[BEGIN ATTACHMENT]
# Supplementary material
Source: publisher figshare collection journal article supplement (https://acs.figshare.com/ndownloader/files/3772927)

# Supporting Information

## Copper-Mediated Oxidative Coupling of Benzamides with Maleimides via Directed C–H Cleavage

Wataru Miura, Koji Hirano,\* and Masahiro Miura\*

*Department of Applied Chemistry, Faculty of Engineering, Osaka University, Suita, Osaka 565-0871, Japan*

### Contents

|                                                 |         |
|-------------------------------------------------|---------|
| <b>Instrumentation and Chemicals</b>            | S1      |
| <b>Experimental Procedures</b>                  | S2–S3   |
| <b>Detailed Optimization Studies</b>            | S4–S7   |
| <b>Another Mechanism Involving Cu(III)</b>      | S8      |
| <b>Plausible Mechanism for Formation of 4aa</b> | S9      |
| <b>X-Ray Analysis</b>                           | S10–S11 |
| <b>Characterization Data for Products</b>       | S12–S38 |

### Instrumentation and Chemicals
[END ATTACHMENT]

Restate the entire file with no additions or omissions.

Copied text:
# Supplementary material
Source: publisher figshare collection journal article supplement (https://acs.figshare.com/ndownloader/files/3772927)

# Supporting Information

## Copper-Mediated Oxidative Coupling of Benzamides with Maleimides via Directed C–H Cleavage

Wataru Miura, Koji Hirano,\* and Masahiro Miura\*

*Department of Applied Chemistry, Faculty of Engineering, Osaka University, Suita, Osaka 565-0871, Japan*

### Contents

|                                                 |         |
|-------------------------------------------------|---------|
| <b>Instrumentation and Chemicals</b>            | S1      |
| <b>Experimental Procedures</b>                  | S2–S3   |
| <b>Detailed Optimization Studies</b>            | S4–S7   |
| <b>Another Mechanism Involving Cu(III)</b>      | S8      |
| <b>Plausible Mechanism for Formation of 4aa</b> | S9      |
| <b>X-Ray Analysis</b>                           | S10–S11 |
| <b>Characterization Data for Products</b>       | S12–S38 |

### Instrumentation and Chemicals